“I understand that Massena is going to get some other concessions and good for them. I’m happy for them. But getting the trails open in the Brasher State Forest is not a monetary compensation as far as I’m concerned,” he said.

“I don’t think we object to settling or to being a party in the settlement if we’re justly compensated. Just compensation is not receiving the same amount as Massena,” Councilman Wilfred Record said.

Mr. Dawson said, as an impacted party, they should have been part of the negotiations.

“They (county officials) assume they’re just going to tell us what to do. That’s what the assumption’s been all along, and I told Mr. Arquiett (Legislator Anthony J. Arquiett, D-Helena) repeatedly, ‘You can’t do this without the Brasher Town Board’s input.’ He said, ‘Oh yes, I can. I represent Brasher too.’ So they’ve been dictatorial in their attitude; they’ve been heavy-handed with it. They’ve told us what we’re going to get with no input from us,” he said.

By approving their resolution on Wednesday, he said the Brasher Town Board is on the record with their opposition to the memorandum of understanding.

“Having said that, I don’t know what our recourse is except that we can just say we don’t agree with it. We disagree vehemently with it,” Mr. Dawson said. “They decided to cut us out because they didn’t want us in there stirring things up and getting too much money that they wanted for themselves. How did they justify it? To themselves maybe they can. They did on the backs of people in Brasher. It is a very sad day.

“I guess the part that bothers me the most with this whole issue is just the way it was handled. The monies might not have been much different, but the way it was thrust upon us. You don’t just discount the towns. You take the 32 towns and 13 villages and the city of Ogdensburg and you haven’t got a county. They somehow have an inflated view of their position. All I want is what is fair and just for the people this board represents,” he said.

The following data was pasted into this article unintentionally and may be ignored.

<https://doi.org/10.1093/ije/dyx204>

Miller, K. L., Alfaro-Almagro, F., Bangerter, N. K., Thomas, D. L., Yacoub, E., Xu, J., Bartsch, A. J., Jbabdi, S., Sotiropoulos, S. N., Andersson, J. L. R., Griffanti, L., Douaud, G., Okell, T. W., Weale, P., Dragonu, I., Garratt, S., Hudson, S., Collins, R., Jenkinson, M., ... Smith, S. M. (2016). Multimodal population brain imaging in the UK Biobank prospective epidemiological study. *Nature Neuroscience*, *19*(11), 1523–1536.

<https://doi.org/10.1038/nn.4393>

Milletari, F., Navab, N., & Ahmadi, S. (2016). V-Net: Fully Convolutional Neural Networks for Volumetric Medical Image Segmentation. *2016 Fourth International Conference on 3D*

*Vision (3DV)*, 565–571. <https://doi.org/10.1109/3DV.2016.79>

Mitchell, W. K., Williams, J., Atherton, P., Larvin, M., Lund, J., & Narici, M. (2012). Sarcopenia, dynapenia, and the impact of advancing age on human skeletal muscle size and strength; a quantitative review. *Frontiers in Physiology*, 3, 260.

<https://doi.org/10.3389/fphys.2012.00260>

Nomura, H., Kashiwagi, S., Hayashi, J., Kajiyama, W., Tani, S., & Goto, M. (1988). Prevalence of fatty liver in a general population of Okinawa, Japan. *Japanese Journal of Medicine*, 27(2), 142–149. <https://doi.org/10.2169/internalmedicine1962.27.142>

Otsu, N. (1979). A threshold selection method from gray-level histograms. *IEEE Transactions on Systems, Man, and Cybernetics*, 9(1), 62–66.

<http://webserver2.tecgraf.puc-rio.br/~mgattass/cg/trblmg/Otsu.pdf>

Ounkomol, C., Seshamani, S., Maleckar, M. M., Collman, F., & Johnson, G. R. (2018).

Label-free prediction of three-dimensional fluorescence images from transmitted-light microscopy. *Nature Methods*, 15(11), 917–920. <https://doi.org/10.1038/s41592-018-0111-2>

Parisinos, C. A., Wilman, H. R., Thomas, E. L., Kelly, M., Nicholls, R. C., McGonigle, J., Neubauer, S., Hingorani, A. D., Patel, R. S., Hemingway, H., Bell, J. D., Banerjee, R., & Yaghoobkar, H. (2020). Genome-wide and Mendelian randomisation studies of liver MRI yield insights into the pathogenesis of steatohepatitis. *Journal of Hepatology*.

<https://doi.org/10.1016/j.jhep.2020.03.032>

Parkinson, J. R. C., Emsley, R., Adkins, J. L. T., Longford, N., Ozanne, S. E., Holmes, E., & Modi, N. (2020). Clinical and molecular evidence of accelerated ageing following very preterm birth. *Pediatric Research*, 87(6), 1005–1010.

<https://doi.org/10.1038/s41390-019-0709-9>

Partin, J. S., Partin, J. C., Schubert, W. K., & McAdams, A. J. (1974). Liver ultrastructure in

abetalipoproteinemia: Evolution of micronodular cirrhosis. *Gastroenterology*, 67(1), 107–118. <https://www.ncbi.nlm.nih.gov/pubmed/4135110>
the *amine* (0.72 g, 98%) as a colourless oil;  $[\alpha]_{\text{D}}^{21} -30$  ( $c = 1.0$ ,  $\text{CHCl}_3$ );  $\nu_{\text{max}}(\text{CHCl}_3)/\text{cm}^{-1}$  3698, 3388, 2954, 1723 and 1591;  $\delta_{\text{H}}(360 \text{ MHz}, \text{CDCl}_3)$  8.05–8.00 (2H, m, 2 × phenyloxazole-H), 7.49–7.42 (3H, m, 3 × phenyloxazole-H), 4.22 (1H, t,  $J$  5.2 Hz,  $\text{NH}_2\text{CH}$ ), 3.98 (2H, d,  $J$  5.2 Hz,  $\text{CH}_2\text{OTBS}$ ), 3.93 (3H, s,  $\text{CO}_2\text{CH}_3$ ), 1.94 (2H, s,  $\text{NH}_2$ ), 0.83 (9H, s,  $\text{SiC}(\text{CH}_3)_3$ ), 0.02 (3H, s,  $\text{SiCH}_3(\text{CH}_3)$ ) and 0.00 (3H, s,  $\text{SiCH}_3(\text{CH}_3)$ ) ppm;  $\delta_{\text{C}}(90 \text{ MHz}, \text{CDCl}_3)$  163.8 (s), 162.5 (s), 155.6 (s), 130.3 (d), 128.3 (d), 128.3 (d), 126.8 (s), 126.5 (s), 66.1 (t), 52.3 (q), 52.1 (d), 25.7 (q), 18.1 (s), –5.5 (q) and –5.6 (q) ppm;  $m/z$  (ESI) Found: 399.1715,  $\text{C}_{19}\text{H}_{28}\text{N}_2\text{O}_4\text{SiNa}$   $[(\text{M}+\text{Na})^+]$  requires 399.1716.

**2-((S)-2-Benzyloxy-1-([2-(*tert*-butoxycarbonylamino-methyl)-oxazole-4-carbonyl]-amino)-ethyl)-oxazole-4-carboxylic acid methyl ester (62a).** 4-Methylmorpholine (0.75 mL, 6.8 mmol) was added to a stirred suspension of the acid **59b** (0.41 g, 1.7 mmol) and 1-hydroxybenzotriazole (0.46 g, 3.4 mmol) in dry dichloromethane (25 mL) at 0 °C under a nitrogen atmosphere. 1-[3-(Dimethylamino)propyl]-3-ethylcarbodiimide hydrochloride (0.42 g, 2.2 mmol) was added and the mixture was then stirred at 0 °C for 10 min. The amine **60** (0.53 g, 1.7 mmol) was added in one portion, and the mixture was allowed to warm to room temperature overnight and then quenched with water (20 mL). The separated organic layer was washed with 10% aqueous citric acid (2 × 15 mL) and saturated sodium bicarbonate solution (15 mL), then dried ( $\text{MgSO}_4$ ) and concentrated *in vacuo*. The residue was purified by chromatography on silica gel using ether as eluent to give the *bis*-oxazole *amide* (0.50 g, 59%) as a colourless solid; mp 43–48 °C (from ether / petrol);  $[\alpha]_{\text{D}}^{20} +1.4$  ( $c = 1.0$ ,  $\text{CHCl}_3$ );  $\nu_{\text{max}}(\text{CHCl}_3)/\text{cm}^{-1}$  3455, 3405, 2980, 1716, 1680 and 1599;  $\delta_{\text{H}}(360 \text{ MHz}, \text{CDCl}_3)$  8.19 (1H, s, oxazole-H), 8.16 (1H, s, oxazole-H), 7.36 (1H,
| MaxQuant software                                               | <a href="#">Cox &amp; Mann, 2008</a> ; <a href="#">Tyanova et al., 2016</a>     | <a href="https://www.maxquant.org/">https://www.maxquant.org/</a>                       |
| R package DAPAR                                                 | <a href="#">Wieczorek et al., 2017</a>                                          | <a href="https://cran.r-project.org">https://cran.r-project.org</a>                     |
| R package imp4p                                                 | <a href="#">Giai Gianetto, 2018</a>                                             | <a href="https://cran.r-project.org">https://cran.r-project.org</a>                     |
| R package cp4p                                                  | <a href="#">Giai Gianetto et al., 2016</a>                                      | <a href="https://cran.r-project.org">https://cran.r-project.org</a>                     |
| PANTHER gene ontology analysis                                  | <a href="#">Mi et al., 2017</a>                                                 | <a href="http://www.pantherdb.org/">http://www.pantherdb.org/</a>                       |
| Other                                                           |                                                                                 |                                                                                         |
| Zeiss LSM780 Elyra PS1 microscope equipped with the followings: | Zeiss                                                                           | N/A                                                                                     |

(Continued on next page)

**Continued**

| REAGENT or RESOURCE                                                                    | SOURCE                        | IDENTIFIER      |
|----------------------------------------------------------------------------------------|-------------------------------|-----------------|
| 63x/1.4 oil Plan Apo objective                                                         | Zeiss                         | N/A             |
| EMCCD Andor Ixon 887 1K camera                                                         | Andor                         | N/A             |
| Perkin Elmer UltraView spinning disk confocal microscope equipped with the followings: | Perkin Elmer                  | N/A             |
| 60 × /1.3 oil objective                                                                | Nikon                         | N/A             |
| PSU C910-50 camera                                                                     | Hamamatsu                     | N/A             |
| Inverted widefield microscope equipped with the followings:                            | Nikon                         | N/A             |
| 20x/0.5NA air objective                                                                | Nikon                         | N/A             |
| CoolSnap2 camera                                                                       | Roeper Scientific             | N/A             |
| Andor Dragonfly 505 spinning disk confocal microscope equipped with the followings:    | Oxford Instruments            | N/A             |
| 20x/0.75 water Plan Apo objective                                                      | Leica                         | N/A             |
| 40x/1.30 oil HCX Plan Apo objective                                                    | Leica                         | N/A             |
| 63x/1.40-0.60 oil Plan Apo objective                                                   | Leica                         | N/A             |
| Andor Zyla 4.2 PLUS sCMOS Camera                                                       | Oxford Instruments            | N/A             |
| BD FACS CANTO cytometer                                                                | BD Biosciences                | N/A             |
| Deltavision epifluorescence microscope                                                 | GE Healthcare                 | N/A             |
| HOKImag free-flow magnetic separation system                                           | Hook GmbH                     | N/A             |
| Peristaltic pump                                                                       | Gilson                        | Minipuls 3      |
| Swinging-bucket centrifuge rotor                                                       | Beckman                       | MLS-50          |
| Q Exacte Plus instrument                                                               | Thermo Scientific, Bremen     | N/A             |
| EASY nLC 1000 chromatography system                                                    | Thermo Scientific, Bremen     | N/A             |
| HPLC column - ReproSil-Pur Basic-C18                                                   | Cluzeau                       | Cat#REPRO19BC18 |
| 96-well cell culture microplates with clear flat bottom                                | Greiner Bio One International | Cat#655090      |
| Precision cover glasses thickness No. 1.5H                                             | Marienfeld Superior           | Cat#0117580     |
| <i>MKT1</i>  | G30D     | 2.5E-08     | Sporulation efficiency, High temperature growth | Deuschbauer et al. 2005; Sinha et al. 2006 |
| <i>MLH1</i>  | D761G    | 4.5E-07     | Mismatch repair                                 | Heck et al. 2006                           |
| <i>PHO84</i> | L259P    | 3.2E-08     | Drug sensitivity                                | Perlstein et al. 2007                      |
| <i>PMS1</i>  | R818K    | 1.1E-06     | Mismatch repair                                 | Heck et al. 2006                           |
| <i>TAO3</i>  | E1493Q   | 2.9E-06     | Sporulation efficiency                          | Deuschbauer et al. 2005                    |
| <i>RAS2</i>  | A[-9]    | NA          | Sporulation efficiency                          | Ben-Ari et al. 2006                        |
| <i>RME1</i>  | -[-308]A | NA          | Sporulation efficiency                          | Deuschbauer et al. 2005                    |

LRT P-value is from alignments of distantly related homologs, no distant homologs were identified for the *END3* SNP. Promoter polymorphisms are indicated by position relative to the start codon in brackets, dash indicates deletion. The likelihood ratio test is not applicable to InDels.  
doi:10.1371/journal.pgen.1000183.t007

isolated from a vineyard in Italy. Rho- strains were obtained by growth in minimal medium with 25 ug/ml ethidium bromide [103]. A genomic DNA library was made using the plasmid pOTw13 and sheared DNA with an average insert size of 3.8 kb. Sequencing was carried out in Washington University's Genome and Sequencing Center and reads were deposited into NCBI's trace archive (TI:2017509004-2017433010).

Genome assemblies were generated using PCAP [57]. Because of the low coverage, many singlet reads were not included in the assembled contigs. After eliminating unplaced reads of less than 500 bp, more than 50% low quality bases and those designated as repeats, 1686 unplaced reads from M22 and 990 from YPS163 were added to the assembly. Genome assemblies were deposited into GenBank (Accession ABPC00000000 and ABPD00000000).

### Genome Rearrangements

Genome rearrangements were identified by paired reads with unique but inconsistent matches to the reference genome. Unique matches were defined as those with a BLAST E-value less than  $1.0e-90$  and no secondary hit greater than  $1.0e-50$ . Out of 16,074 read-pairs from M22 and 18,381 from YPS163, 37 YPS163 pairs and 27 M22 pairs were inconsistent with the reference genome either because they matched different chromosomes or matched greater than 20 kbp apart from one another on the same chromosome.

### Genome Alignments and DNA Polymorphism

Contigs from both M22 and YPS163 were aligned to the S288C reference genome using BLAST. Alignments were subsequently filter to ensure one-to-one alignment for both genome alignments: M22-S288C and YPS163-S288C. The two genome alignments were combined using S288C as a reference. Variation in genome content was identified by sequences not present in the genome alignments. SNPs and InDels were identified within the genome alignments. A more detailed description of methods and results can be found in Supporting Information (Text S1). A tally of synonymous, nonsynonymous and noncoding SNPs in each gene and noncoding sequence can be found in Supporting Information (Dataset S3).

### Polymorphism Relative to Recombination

But county officials say there has been input from the towns along the way.

“This agreement is an agreement between the county and the tribe and the state. There has been consultation with the towns. There have been lots of conversations with the towns as this process has been going on. It’s not like they don’t know what’s going on,” County Administrator Karen M. St. Hilaire, a resident of the town of Brasher, said.

“Most certainly both towns were represented at the original round of negotiations. They were invited to the second round of negotiations. They chose not to attend,” Mr. Arquiett said.

He said that was followed by a tour “around the areas of contention” attended by both boards.

“That was followed by conversations by myself with board boards,” Mr. Arquiett said.

Their “strategy moving forward,” however, was for the county to move forward.

“Because of the level of intensity and ground rules in essence were not honored, we moved forward with the county. That was followed very shortly by the direct deal that involves both towns, both school districts and St. Lawrence County. It’s a great thing for the stakeholders,” he said.

County Legislative Chairman Jonathan Putney, D-Waddington, said that financially the county had taken on the fiscal responsibility of hiring of Wladis Firm, Syracuse, which lobbies on the county’s behalf, and he said both the towns of Massena and Brasher declined to contribute.

“When this board of legislators took office, there was an issue with the tribal compact funds no longer flowing to the county. We met with the appropriate parties - the state, tribe and we also talked with our towns about what we could do to resume payments, at which point, after gathering information, we decided to retain legal counsel. The county has paid all the costs of all the legal services,” he said.

“The county has had expenses involved in negotiations such as retaining a law firm. When we asked the towns to share in the cost of the legal costs, they declined to do so. That may be a point of contention for them,” Mr. Putney said.

Since hiring the firm, the governor and the tribe signed a document to release half of the casino gaming compact funds, which Mr. Putney called “a very positive step forward,” and negotiations have been on-going since then.

“We’ve been negotiating in good faith. Unfortunately the county has borne all the cost of getting the law firm,” he said.

Mr. Arquiett said, in terms of funding equity between Massena and Brasher over impacted land, it was handled fairly.

“We had conversations about the value of acreage. That’s a lot of the equation. When all is said and done, the fair and equitable way to go was an even split,” he said.

The towns will benefit financially from the work done at the county level, Mr. Arquiett said.

“The important piece is, the tribal compact is contingent on the continuation of this negotiation. In essence both towns will continue to receive (funding) as a result of this successful negotiation,” he said.